The show’s setup is simple: the Card Czar (director Angie McMahon, also acting as emcee) reads a Cards Against Humanity prompt and if an audience member—all given three response cards upon entering the theater—thinks one of their cards is the best answer to that prompt they hold up their hand and are brought up on stage to read the card to the audience. There are two teams and each team gives a series of scenes based on either (or both) cards. Whichever team gets the most points wins. Fun stuff, right?
The “Comedy Against Humanity” website clearly states that “Audience members who show up drunk or otherwise intoxicated will be refused entry and their tickets will not be refunded.” A valid restriction for a rowdy improv show in Wrigleyville. Who wants belligerent audience members ruining a show? But Friday night the biggest interrupting force was one of the performers. She consistently talked over the emcee, yelled at the audience and even called a “time-out” mid-scene to awkwardly threaten another cast member for a perceived slight. Properly managed, this kind of acting out could potentially enhance the comedy, especially for a show like this, but here it just felt unnecessarily aggressive, with McMahon frequently shouting down spats so the show could move on.
On a seemingly unrelated note, about a mile south of Under The Gun Theater, there’s a little fast food joint called Wiener Circle. It’s famous for how the employees berate, belittle and otherwise deride their customers (and how the customers give it back). “Comedy Against Humanity” has a little bit of that derisive theme in its veins. The initial introduction of the show involves a description of how the show works and a call to “Go fuck yourself!” if you didn’t collect the right set of cards before sitting down. All of that works. But imagine if you were trying to order your hot dog at Wiener Circle and the employees just berated each other… not as entertaining.
At one point a physical fight broke out mid-scene. Sure it was partially comedic, but it came mid-joke and there was enough angry tension there to make it much more awkward than funny. Maybe this cast is pulling some Andy Kaufman-like hijinks for their own gratification, but if so it’s a strange fit for an otherwise straightforward show. This is solid comedy for the masses, with the Cards Against Humanity card deck forcing performers to take the kind of suggestions that audiences love and improvisers usually abhor: “My vagina,” “A vagina that leads to another dimension” or “Pandora’s vagina” (there were a lot of vagina-themed scenes at this show).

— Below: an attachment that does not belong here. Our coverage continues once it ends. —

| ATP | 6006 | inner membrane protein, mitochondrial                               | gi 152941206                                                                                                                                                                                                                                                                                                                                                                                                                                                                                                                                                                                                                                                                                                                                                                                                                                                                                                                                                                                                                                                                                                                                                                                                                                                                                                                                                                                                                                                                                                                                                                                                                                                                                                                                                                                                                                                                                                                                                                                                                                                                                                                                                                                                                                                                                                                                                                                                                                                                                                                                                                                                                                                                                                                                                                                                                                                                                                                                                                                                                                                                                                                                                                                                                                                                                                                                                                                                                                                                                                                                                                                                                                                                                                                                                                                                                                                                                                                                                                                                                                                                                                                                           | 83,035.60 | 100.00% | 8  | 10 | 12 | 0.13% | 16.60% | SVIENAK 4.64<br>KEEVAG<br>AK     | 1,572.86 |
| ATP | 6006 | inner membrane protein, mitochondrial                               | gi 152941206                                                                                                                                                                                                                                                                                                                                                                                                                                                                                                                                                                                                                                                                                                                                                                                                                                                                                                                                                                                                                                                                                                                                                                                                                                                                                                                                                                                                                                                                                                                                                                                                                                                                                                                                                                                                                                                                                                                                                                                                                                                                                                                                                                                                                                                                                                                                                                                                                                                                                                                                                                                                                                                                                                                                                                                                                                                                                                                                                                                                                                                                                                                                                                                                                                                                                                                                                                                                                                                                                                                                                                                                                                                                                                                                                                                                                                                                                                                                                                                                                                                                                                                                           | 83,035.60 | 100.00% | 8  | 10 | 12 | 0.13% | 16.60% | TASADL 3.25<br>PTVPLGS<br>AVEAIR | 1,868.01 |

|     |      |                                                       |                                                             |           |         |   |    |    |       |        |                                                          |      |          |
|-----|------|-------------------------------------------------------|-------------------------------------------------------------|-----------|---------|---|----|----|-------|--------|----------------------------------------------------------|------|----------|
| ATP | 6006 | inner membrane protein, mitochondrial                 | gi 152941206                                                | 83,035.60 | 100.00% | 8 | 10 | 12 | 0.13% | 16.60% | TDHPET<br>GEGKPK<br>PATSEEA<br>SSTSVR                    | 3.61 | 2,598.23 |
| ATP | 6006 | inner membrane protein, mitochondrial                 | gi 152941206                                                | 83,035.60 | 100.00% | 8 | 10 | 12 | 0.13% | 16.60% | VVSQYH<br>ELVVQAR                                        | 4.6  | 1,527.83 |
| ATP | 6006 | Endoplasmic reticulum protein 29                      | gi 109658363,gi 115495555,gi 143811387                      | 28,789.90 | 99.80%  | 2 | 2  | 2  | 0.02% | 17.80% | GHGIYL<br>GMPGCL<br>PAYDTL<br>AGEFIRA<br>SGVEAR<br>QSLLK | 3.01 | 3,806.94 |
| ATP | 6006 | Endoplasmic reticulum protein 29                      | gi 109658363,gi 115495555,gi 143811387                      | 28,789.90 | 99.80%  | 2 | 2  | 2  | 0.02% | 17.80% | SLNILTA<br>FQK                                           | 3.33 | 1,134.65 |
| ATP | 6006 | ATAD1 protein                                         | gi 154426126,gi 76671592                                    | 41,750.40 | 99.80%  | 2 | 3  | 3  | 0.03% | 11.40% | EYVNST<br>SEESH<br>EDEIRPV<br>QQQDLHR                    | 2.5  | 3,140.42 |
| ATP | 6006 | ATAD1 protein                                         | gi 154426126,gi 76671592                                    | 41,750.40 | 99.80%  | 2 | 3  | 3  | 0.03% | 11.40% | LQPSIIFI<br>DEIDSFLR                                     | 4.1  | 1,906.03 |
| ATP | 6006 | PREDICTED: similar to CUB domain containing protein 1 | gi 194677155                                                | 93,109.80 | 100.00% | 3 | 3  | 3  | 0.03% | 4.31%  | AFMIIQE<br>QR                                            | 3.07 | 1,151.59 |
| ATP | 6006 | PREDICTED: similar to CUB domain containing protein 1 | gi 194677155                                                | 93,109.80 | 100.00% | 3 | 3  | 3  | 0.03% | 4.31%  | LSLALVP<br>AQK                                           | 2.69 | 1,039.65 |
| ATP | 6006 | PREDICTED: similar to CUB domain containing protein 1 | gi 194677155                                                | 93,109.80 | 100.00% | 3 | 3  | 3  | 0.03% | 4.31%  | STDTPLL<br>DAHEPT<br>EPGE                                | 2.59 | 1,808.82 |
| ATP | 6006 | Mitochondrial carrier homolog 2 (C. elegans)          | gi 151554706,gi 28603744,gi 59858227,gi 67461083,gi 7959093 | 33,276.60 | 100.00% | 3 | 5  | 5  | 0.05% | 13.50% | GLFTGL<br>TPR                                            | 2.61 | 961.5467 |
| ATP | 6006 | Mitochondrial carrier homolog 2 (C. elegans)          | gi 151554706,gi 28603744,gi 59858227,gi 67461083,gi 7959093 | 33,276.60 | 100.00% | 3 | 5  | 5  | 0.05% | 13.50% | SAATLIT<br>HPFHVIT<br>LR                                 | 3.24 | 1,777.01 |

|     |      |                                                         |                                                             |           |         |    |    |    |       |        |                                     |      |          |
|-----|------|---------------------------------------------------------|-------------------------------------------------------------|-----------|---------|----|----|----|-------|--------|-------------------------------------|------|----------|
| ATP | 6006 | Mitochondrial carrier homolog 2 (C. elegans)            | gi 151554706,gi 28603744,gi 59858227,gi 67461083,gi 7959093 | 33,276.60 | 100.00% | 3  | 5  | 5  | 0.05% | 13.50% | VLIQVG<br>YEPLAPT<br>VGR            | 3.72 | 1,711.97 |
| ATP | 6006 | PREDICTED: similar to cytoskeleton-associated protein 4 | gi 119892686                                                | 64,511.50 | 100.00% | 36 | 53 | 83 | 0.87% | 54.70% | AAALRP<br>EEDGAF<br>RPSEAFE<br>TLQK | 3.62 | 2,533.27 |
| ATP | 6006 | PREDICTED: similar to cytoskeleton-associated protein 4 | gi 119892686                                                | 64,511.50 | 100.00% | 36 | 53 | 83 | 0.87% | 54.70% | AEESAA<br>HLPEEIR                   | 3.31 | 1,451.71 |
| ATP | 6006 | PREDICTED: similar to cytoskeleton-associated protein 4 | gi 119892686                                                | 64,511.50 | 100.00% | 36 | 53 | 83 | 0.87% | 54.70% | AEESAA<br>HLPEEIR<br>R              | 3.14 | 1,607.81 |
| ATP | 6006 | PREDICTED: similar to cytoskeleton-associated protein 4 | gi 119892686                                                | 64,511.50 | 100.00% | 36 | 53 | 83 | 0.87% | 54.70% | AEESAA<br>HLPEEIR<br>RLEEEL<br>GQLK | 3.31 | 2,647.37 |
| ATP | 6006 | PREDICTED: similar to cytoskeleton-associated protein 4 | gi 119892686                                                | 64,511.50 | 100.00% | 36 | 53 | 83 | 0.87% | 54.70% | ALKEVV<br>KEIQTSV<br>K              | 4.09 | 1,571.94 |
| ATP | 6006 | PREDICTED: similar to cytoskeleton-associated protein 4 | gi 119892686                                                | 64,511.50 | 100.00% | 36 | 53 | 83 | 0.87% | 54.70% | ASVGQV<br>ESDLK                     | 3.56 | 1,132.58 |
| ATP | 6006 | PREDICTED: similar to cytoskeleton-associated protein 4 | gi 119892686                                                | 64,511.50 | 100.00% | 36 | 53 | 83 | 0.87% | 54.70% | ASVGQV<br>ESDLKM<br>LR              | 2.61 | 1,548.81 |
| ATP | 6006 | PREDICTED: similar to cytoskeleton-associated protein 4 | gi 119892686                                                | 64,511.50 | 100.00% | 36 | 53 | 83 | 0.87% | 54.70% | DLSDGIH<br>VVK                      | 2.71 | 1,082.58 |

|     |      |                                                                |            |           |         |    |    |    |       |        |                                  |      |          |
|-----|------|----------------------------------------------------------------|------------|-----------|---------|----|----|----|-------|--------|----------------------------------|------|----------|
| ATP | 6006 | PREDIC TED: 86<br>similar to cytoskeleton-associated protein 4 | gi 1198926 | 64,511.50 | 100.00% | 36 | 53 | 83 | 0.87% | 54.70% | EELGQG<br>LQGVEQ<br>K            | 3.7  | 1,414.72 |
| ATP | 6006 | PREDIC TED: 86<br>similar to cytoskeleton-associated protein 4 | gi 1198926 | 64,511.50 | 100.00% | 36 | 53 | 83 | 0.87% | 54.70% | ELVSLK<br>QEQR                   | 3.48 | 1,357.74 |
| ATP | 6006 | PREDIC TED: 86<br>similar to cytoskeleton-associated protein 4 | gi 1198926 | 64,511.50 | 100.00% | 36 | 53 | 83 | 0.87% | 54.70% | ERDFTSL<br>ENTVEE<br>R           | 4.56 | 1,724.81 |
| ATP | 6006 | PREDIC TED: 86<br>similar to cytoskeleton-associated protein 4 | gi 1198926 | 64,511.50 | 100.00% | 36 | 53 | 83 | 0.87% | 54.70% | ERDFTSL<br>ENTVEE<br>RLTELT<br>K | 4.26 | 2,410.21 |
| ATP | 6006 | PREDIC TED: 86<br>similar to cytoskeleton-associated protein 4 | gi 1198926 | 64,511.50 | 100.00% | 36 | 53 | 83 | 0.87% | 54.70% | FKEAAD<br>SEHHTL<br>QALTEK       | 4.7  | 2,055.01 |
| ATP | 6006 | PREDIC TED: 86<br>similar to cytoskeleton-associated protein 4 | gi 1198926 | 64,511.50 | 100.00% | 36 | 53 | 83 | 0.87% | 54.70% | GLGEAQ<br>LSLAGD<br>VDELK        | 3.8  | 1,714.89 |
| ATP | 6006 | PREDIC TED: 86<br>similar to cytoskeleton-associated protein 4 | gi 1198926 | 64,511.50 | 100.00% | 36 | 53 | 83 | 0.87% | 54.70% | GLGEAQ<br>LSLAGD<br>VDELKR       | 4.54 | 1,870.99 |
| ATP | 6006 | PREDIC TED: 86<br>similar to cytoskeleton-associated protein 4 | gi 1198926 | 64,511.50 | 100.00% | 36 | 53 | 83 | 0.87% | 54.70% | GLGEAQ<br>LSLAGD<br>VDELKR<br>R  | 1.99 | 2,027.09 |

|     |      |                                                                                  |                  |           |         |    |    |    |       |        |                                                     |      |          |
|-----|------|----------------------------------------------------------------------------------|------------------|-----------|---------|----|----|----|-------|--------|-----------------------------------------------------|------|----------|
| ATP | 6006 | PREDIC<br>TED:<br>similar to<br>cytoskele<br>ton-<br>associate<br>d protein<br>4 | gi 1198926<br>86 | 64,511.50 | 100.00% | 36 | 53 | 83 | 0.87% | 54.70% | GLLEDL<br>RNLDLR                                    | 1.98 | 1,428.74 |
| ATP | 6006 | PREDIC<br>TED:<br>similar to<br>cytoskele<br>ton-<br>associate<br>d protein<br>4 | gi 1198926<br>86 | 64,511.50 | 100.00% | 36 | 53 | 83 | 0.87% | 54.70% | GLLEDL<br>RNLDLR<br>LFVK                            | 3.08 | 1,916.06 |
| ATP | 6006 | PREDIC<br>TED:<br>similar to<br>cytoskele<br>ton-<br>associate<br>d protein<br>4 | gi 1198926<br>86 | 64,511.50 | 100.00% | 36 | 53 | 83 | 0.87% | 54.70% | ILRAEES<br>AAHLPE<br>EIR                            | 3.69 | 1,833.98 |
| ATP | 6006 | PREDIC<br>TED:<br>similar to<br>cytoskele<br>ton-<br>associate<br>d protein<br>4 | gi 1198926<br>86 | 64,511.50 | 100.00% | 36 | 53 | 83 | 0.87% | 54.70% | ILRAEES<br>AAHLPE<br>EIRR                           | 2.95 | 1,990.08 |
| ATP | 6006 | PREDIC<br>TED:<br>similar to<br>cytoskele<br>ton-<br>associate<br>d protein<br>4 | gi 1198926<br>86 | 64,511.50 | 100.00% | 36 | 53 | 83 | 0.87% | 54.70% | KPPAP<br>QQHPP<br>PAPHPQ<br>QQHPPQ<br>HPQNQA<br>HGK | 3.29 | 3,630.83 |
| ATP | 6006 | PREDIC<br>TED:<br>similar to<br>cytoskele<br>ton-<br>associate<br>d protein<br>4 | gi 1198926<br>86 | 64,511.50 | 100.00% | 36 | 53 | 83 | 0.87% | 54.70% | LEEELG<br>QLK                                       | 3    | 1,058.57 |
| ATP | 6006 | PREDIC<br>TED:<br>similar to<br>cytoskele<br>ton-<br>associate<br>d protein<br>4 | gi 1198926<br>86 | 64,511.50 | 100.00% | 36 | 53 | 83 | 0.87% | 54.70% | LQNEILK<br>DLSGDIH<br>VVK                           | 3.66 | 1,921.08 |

As with all improv reviews, I would be remiss if I didn’t note that every show is different. This is an open run with a rotating cast and no two performances will be alike. I should also point out that all six of the performers I saw were quick-witted and extremely funny (even the surly one). I was in an all-but-sold-out audience that (for the most part) was loving it and the show is so popular that Under The Gun will be adding Saturday nights to their performance schedule starting next month.
Still, I’ve never seen a show go as aggressively, distractingly, spectacularly off the rails as this one did, but maybe that’s part of the draw. There are lots of places to get a hot dog in Chicago, but Wiener Circle gives you a hot dog with extra anger on top. Maybe “Comedy Against Humanity” is the place for angry comedy. (Zach Freeman)
Under The Gun Theater, 956 West Newport, (773)270-3440. undertheguntheater.com. $15. Open Run.